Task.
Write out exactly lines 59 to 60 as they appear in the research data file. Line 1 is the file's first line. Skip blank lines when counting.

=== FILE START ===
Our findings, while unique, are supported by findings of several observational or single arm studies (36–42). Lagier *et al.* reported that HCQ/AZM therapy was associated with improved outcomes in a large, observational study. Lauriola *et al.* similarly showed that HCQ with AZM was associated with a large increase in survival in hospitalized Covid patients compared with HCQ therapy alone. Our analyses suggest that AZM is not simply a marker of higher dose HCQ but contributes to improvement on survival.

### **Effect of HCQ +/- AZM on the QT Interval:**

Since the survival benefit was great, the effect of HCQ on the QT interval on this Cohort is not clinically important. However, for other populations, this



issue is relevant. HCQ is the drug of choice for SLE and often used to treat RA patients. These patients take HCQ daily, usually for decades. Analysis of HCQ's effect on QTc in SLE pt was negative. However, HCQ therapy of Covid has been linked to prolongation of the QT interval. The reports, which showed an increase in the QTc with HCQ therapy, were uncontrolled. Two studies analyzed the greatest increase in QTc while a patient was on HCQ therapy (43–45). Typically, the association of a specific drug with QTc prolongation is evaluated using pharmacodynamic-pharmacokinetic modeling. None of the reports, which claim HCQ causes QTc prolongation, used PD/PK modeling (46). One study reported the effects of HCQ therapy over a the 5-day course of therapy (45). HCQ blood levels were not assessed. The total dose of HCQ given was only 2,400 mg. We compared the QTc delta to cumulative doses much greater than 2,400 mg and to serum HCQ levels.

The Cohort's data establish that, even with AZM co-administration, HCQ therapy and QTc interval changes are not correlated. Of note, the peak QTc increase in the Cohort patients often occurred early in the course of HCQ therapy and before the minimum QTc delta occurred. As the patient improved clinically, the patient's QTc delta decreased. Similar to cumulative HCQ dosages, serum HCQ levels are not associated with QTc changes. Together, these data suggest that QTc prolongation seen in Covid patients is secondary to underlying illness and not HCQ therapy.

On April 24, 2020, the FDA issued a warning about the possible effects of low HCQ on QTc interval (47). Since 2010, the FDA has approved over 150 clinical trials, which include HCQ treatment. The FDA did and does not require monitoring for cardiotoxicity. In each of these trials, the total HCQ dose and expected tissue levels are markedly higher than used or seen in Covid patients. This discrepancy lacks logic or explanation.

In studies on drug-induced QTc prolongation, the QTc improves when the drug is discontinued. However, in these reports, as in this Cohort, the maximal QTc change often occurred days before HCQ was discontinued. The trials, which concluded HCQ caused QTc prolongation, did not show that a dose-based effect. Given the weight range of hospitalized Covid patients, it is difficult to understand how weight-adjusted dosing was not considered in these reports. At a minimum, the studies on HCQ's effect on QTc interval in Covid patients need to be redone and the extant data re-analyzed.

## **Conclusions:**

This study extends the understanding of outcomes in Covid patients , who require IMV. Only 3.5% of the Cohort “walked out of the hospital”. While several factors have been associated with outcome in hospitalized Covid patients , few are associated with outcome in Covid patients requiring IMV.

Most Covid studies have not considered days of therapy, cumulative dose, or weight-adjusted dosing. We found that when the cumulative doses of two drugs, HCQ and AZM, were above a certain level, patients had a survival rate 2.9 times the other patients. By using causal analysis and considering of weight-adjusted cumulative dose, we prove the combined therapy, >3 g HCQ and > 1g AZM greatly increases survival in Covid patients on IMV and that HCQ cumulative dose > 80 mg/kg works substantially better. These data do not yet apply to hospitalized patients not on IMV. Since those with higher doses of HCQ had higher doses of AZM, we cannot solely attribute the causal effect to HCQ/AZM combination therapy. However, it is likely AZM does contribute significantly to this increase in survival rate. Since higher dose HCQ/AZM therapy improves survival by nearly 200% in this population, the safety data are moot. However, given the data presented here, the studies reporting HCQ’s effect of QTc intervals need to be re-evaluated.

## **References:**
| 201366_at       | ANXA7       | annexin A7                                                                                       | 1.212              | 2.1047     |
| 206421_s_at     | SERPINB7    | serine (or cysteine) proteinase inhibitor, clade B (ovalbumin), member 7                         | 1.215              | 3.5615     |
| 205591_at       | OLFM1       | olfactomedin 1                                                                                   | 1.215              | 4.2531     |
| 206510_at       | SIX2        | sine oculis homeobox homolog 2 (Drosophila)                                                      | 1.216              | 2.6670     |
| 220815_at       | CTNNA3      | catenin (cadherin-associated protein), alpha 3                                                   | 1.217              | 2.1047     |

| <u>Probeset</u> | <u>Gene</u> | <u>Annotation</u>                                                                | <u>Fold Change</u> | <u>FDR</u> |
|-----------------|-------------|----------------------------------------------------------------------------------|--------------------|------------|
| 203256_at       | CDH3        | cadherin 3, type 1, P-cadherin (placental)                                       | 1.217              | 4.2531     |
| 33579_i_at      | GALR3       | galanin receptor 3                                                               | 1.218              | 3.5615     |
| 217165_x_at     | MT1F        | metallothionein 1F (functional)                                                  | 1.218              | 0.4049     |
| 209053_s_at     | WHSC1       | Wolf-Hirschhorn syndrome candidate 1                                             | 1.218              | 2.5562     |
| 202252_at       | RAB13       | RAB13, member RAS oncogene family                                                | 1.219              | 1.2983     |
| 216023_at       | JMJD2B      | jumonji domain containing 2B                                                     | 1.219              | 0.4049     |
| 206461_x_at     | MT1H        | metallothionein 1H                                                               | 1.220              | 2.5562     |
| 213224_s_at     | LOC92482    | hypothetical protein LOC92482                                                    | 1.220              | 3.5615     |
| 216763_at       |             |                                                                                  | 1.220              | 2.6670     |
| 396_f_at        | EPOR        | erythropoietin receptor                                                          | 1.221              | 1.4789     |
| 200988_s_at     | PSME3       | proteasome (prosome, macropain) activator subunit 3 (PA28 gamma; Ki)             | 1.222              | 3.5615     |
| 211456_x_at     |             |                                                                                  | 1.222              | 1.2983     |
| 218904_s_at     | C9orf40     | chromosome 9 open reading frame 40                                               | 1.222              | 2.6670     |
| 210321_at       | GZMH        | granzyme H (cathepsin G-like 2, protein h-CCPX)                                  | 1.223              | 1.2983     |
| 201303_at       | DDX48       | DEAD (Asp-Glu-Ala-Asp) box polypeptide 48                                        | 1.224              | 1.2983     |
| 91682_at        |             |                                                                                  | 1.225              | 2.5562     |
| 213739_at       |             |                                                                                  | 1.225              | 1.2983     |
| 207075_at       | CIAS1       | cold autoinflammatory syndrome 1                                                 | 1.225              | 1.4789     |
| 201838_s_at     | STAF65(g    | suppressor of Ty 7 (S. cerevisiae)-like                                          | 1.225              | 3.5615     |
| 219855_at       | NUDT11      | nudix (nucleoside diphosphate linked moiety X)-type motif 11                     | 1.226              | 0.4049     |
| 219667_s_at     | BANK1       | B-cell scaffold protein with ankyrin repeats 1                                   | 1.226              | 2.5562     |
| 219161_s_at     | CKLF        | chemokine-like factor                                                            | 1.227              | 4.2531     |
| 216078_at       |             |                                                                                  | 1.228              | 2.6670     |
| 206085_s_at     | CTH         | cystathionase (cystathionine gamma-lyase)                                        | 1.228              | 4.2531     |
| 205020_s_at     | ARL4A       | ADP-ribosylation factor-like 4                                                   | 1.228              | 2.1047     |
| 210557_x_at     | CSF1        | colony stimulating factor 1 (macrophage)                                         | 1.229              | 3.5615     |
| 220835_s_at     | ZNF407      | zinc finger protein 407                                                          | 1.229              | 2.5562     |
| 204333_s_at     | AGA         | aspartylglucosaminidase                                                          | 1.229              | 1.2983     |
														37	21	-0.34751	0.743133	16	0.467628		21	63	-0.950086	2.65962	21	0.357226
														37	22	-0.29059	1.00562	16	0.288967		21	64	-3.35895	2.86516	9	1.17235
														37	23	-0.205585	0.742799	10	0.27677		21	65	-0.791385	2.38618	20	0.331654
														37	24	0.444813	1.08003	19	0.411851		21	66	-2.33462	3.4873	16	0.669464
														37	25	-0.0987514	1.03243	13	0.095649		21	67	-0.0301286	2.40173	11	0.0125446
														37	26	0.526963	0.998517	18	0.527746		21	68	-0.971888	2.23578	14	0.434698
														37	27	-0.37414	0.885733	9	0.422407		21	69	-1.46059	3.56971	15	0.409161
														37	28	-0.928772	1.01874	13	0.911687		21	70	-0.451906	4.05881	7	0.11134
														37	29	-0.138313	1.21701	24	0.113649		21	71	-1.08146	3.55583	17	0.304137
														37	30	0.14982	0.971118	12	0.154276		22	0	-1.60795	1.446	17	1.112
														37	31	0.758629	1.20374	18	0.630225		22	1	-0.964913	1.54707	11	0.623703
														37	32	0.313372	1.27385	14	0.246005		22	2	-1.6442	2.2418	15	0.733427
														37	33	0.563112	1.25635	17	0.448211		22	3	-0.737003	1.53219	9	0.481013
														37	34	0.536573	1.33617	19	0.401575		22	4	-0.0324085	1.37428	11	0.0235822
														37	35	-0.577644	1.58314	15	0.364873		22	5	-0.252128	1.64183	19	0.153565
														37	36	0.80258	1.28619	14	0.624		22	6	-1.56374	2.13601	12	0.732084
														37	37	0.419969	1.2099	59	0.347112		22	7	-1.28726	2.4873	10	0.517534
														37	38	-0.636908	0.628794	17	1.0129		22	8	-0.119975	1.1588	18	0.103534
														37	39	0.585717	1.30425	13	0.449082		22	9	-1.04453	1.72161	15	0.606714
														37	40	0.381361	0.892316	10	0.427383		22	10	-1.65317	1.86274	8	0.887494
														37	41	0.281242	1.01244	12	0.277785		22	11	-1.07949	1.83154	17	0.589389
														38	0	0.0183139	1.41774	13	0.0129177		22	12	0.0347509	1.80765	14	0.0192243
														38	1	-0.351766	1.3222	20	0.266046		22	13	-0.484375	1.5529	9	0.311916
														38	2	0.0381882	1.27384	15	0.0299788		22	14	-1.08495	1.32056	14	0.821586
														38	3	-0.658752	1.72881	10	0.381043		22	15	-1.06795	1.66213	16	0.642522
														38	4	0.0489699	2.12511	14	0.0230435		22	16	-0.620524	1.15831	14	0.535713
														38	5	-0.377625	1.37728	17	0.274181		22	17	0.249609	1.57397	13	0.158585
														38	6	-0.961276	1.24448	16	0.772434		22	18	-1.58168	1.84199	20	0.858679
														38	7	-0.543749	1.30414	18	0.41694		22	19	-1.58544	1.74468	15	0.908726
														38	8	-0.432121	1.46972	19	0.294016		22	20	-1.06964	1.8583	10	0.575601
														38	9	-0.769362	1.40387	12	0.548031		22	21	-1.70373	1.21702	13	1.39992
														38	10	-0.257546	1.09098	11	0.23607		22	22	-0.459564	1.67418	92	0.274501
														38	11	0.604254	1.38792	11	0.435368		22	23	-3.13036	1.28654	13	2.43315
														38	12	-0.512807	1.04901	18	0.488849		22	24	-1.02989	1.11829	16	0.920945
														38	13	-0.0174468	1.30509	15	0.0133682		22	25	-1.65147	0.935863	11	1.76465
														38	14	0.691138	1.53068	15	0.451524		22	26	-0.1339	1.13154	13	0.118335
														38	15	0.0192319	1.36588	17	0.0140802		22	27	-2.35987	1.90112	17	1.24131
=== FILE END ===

														37	33	0.563112	1.25635	17	0.448211		22	3	-0.737003	1.53219	9	0.481013
														37	34	0.536573	1.33617	19	0.401575		22	4	-0.0324085	1.37428	11	0.0235822